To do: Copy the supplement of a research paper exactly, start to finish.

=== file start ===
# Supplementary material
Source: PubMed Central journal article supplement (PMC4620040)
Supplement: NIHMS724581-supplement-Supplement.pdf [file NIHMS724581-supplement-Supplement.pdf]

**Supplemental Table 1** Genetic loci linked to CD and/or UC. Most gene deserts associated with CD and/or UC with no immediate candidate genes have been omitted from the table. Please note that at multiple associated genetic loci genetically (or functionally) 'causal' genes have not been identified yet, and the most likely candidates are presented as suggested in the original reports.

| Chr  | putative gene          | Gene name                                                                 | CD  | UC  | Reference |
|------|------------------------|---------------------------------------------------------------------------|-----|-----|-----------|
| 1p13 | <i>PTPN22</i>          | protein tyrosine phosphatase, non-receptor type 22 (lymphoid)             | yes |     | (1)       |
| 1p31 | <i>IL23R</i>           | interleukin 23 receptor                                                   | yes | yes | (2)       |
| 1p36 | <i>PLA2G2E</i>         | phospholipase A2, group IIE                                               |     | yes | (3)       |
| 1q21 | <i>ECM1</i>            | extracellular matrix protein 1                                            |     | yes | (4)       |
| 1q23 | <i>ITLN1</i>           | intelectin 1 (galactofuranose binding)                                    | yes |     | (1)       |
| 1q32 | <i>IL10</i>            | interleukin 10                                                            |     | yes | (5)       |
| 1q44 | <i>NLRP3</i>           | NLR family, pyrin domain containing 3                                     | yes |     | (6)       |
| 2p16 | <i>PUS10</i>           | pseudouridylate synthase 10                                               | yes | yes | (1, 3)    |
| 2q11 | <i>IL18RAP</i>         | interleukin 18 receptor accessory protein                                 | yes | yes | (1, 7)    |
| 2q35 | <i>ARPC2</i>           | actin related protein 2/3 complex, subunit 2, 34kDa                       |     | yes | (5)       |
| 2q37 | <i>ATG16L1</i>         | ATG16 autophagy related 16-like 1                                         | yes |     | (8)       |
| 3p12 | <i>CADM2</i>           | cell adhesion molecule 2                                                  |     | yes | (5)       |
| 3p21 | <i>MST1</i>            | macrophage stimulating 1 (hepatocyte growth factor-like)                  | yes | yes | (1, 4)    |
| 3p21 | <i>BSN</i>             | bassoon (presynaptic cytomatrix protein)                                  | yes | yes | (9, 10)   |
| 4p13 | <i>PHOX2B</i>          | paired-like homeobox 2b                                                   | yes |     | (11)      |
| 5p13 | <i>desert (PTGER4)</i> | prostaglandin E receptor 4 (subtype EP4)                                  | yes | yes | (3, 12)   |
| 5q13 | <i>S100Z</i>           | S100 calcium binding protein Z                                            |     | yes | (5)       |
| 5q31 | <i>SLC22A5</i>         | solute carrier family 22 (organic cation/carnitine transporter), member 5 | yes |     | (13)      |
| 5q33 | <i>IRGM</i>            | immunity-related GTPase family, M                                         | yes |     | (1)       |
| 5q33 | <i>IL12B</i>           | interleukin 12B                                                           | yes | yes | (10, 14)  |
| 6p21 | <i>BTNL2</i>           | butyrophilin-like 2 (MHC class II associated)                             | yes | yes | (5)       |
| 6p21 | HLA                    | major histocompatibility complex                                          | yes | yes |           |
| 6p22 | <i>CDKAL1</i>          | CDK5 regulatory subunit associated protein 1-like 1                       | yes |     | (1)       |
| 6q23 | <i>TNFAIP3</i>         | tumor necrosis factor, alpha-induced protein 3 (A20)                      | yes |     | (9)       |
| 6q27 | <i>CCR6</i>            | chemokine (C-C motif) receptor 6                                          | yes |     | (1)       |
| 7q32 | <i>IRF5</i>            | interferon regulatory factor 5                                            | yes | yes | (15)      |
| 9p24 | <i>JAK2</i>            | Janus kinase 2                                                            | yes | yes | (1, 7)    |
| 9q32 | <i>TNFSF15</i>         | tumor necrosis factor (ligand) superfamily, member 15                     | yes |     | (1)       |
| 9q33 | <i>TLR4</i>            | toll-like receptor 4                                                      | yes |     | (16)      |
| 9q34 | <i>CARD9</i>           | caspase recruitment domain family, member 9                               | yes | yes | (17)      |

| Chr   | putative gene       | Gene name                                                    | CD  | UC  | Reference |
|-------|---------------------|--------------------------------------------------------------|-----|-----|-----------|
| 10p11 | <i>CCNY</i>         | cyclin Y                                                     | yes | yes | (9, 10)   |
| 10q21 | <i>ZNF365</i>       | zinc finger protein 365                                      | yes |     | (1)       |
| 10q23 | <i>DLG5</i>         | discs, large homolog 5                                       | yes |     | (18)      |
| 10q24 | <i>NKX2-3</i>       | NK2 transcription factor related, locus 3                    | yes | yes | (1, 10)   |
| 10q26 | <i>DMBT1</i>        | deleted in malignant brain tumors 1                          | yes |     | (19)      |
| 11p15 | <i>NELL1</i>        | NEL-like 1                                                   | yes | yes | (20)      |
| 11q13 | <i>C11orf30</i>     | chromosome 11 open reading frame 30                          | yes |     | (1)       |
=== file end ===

# Supplementary material
Source: PubMed Central journal article supplement (PMC4620040)
Supplement: NIHMS724581-supplement-Supplement.pdf [file NIHMS724581-supplement-Supplement.pdf]

**Supplemental Table 1** Genetic loci linked to CD and/or UC. Most gene deserts associated with CD and/or UC with no immediate candidate genes have been omitted from the table. Please note that at multiple associated genetic loci genetically (or functionally) 'causal' genes have not been identified yet, and the most likely candidates are presented as suggested in the original reports.

| Chr  | putative gene          | Gene name                                                                 | CD  | UC  | Reference |
|------|------------------------|---------------------------------------------------------------------------|-----|-----|-----------|
| 1p13 | <i>PTPN22</i>          | protein tyrosine phosphatase, non-receptor type 22 (lymphoid)             | yes |     | (1)       |
| 1p31 | <i>IL23R</i>           | interleukin 23 receptor                                                   | yes | yes | (2)       |
| 1p36 | <i>PLA2G2E</i>         | phospholipase A2, group IIE                                               |     | yes | (3)       |
| 1q21 | <i>ECM1</i>            | extracellular matrix protein 1                                            |     | yes | (4)       |
| 1q23 | <i>ITLN1</i>           | intelectin 1 (galactofuranose binding)                                    | yes |     | (1)       |
| 1q32 | <i>IL10</i>            | interleukin 10                                                            |     | yes | (5)       |
| 1q44 | <i>NLRP3</i>           | NLR family, pyrin domain containing 3                                     | yes |     | (6)       |
| 2p16 | <i>PUS10</i>           | pseudouridylate synthase 10                                               | yes | yes | (1, 3)    |
| 2q11 | <i>IL18RAP</i>         | interleukin 18 receptor accessory protein                                 | yes | yes | (1, 7)    |
| 2q35 | <i>ARPC2</i>           | actin related protein 2/3 complex, subunit 2, 34kDa                       |     | yes | (5)       |
| 2q37 | <i>ATG16L1</i>         | ATG16 autophagy related 16-like 1                                         | yes |     | (8)       |
| 3p12 | <i>CADM2</i>           | cell adhesion molecule 2                                                  |     | yes | (5)       |
| 3p21 | <i>MST1</i>            | macrophage stimulating 1 (hepatocyte growth factor-like)                  | yes | yes | (1, 4)    |
| 3p21 | <i>BSN</i>             | bassoon (presynaptic cytomatrix protein)                                  | yes | yes | (9, 10)   |
| 4p13 | <i>PHOX2B</i>          | paired-like homeobox 2b                                                   | yes |     | (11)      |
| 5p13 | <i>desert (PTGER4)</i> | prostaglandin E receptor 4 (subtype EP4)                                  | yes | yes | (3, 12)   |
| 5q13 | <i>S100Z</i>           | S100 calcium binding protein Z                                            |     | yes | (5)       |
| 5q31 | <i>SLC22A5</i>         | solute carrier family 22 (organic cation/carnitine transporter), member 5 | yes |     | (13)      |
| 5q33 | <i>IRGM</i>            | immunity-related GTPase family, M                                         | yes |     | (1)       |
| 5q33 | <i>IL12B</i>           | interleukin 12B                                                           | yes | yes | (10, 14)  |
| 6p21 | <i>BTNL2</i>           | butyrophilin-like 2 (MHC class II associated)                             | yes | yes | (5)       |
| 6p21 | HLA                    | major histocompatibility complex                                          | yes | yes |           |
| 6p22 | <i>CDKAL1</i>          | CDK5 regulatory subunit associated protein 1-like 1                       | yes |     | (1)       |
| 6q23 | <i>TNFAIP3</i>         | tumor necrosis factor, alpha-induced protein 3 (A20)                      | yes |     | (9)       |
| 6q27 | <i>CCR6</i>            | chemokine (C-C motif) receptor 6                                          | yes |     | (1)       |
| 7q32 | <i>IRF5</i>            | interferon regulatory factor 5                                            | yes | yes | (15)      |
| 9p24 | <i>JAK2</i>            | Janus kinase 2                                                            | yes | yes | (1, 7)    |
| 9q32 | <i>TNFSF15</i>         | tumor necrosis factor (ligand) superfamily, member 15                     | yes |     | (1)       |
| 9q33 | <i>TLR4</i>            | toll-like receptor 4                                                      | yes |     | (16)      |
| 9q34 | <i>CARD9</i>           | caspase recruitment domain family, member 9                               | yes | yes | (17)      |

| Chr   | putative gene       | Gene name                                                    | CD  | UC  | Reference |
|-------|---------------------|--------------------------------------------------------------|-----|-----|-----------|
| 10p11 | <i>CCNY</i>         | cyclin Y                                                     | yes | yes | (9, 10)   |
| 10q21 | <i>ZNF365</i>       | zinc finger protein 365                                      | yes |     | (1)       |
| 10q23 | <i>DLG5</i>         | discs, large homolog 5                                       | yes |     | (18)      |
| 10q24 | <i>NKX2-3</i>       | NK2 transcription factor related, locus 3                    | yes | yes | (1, 10)   |
| 10q26 | <i>DMBT1</i>        | deleted in malignant brain tumors 1                          | yes |     | (19)      |
| 11p15 | <i>NELL1</i>        | NEL-like 1                                                   | yes | yes | (20)      |
| 11q13 | <i>C11orf30</i>     | chromosome 11 open reading frame 30                          | yes |     | (1)       |